Peppermint Oreo truffles are easy, crowd-pleasing, and festive, if a little stupid. Here's how to make them.
Why we love this recipe
I thought about starting this paragraph by saying, “These peppermint Oreo truffles are stupid-good.” But instead let’s go with this: They’re stupid (we're basically making cookies out of cookies? I don't know) — and they’re really very good.
They're good because:
- Chocolate, peppermint, and cream are made for each other
- The texture of the creamy cookie crumb center is honestly magical
- You can make them look beautiful and festive with very little effort
- You don't even have to bake them
- People LOVE these to a degree that makes me slightly uncomfortable about the state of the world
I first published this recipe here in 2016, when I called it MEDIUM-LEGIT. I've updated the post for clarity, but the recipe remains the same. If you're a fan of old-school food blog narrative, you can scroll down past the recipe card to read more of the original post.
What you'll need
Here's a glance at the ingredients you'll need to make this recipe.
- Use regular Oreos since they have the right ratio of cookies to cream for this recipe. The photo here shows a family size package, but you'll use a regular-size one (36 Oreos).
- Good-quality full-fat block cream cheese works best.
- Pure peppermint extract infuses beautiful mint flavor without overpowering. The candy canes contribute a bit of flavor and crunch, but mostly just look great.
- See the section below on chocolate to decide whether you'll use melting wafers or baking bars.
How to make them
Here's an overview of what you'll do to make a fabulous batch of peppermint Oreo truffles. You can see the steps in action in the video that accompanies this post, and get all the details in the recipe card below.
- Place the cookies into a food processor fitted with the blade and pulse until they turn to dust. You'll be amazed how quickly this happens — it'll make you wonder whether intact Oreos were ever really meant to be.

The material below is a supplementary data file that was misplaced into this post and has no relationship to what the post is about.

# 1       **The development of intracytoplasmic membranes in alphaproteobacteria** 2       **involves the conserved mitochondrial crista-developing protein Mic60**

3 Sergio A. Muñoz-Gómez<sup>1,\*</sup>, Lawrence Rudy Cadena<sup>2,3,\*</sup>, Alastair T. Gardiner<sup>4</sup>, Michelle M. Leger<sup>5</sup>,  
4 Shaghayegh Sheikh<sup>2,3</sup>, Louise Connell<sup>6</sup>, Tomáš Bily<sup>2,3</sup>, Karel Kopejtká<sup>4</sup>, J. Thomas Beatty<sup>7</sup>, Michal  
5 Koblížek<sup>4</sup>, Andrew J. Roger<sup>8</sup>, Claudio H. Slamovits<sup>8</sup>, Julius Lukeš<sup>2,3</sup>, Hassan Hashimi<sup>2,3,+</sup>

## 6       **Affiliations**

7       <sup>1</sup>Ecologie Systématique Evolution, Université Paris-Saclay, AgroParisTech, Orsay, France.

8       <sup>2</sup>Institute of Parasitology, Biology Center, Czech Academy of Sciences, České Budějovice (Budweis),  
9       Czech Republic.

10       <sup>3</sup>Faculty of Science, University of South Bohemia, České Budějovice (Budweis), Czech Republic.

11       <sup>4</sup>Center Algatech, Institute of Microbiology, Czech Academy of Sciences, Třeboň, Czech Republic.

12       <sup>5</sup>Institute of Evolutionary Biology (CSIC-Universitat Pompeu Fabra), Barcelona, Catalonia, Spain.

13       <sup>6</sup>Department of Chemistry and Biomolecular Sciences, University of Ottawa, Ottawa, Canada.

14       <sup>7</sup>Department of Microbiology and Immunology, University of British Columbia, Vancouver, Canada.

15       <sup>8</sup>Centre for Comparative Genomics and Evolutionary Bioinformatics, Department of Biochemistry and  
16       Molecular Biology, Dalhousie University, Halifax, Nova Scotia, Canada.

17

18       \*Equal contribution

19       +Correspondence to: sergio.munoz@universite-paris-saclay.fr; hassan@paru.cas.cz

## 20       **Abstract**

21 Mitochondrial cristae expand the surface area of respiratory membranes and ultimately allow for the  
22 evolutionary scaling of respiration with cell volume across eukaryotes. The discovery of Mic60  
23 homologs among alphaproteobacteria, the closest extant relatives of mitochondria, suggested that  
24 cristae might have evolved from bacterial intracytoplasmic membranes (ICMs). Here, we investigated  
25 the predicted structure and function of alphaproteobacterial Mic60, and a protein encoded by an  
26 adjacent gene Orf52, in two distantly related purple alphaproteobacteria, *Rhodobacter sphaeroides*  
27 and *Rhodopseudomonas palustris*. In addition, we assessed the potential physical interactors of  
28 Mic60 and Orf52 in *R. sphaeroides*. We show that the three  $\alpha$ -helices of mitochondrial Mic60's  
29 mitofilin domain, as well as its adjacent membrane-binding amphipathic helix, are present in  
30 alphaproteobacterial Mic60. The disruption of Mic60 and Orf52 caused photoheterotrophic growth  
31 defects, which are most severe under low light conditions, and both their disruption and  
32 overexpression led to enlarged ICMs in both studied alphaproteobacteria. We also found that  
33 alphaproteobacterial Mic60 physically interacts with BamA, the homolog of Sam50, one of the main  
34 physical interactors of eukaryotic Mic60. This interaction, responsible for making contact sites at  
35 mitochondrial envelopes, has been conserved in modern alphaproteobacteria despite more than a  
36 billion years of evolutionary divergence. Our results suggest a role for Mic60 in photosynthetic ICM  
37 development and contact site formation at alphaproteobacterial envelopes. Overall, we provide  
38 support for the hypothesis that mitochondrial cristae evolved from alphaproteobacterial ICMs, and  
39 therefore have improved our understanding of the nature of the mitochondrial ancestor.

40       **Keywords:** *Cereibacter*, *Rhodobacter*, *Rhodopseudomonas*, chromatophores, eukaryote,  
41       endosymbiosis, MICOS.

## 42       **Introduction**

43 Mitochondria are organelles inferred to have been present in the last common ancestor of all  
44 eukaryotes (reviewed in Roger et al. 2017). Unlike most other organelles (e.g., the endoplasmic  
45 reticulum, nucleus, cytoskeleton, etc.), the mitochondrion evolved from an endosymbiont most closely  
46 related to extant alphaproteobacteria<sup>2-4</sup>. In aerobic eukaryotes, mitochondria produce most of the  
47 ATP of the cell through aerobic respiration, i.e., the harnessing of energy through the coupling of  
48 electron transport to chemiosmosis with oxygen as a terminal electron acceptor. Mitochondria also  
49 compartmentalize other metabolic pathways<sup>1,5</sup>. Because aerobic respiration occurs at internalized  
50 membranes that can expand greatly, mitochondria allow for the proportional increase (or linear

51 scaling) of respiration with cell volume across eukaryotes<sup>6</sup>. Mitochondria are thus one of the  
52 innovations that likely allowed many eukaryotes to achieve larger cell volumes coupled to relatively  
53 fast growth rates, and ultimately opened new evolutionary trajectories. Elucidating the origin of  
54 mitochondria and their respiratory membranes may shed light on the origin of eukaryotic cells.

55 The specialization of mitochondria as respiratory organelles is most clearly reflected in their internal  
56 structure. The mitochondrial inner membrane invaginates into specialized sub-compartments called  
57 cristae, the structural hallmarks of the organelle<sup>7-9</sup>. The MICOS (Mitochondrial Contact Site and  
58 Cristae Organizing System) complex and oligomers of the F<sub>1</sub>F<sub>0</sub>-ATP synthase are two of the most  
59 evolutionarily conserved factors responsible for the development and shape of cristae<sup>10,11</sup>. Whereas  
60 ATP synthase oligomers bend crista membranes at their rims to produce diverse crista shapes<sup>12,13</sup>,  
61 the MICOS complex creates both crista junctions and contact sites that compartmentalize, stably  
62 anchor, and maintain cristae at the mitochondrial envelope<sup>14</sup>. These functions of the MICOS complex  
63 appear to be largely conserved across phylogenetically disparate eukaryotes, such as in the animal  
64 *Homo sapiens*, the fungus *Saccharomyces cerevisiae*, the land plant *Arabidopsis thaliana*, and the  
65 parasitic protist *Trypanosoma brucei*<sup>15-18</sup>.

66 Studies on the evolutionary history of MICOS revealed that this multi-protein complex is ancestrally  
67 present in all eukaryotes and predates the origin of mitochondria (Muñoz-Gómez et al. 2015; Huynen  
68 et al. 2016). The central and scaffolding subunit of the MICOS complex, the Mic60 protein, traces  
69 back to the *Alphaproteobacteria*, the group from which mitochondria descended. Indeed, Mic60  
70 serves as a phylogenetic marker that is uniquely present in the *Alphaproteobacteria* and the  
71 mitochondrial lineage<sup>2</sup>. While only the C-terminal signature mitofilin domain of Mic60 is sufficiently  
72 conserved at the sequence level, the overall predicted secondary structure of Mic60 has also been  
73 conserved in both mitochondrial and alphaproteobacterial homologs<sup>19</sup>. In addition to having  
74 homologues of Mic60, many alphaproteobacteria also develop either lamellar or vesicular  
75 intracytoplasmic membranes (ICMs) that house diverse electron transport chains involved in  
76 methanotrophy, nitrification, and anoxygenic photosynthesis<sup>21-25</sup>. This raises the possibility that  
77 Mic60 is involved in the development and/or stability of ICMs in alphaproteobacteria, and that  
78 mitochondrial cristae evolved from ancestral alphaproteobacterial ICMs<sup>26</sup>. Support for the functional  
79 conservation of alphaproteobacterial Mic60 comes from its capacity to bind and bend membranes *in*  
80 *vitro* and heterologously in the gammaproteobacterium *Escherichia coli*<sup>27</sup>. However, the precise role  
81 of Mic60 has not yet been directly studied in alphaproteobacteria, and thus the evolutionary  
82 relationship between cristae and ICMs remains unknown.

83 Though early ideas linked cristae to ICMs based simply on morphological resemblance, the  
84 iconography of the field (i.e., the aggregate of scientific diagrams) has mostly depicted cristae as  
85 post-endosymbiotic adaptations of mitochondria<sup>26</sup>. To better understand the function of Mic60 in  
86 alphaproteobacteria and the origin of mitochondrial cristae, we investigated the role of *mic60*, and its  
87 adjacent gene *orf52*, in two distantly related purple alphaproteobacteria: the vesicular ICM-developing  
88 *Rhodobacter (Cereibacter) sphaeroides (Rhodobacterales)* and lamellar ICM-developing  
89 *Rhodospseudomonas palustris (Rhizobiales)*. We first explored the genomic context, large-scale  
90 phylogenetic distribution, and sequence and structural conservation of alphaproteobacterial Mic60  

- In a large mixing bowl, beat the cream cheese and peppermint extract until smooth and fluffy. Stir in the cookie crumbs.
- Use a small cookie scoop or a spoon to scoop out 1-inch portions and roll them into balls with your hands. Chill for 15 minutes.
- Dip in melted chocolate to coat, sprinkle with crushed candy canes, and leave to set.
Choosing your chocolate coating
There is one medium-sophisticated decision to make when putting these truffles together, and it’s what kind of chocolate to use for the coating. Real-life actual candy making is both an art and a precise science, because if you want melted chocolate to be shiny and snappy and unlikely to leave schmutz all over your fingers when it sets, you have to temper it.
What is tempering?
Tempering means making sure the crystalline structure of your melted chocolate is such that it will harden properly, and magically, you can do this by “seeding” hot melted chocolate with solid chocolate, and the melted part will take on the proper crystal structure of solid chocolate. Whaaaat? Science, am I right?
Real talk: Tempering is something you have to do correctly or not at all, and it takes a little practice. It's also not super-easy to do with small amounts of chocolate.
Chocolate choice 1: Wafers
The most foolproof choice would be to use something like these wafers, which have added stabilizers so you don’t have to worry about tempering. Totally legit choice, and one I’ll use from time to time, especially where white chocolate is concerned. (White chocolate is finicky to work with and is full of crap anyway.) But I usually prefer the taste and relative purity of darker chocolate without that extra stuff in it.
Chocolate choice 2: Chill out already
The second choice would be to use regular chocolate, melt it however you want, and just not really worry about whether it dries all shiny and leaves zero trace on people’s fingers. Licking a little chocolate off your fingers after eating a truffle is not the worst thing I’ve ever heard of.
Chocolate choice 3: Woman up and temper
The third choice is to woman up and temper your chocolate. You can do this in the microwave, and it doesn’t take all that long, but it does require an accurate candy or instant-read thermometer and a little practice.
Whichever method you choose, know this: Ho ho holy crap, you’re fabulous.
Expert tips and FAQs
Sure thing. You can experiment with different Oreo flavors and extracts. For coatings, swap in white or milk chocolate, and for sprinkling, your imagination is the only limit.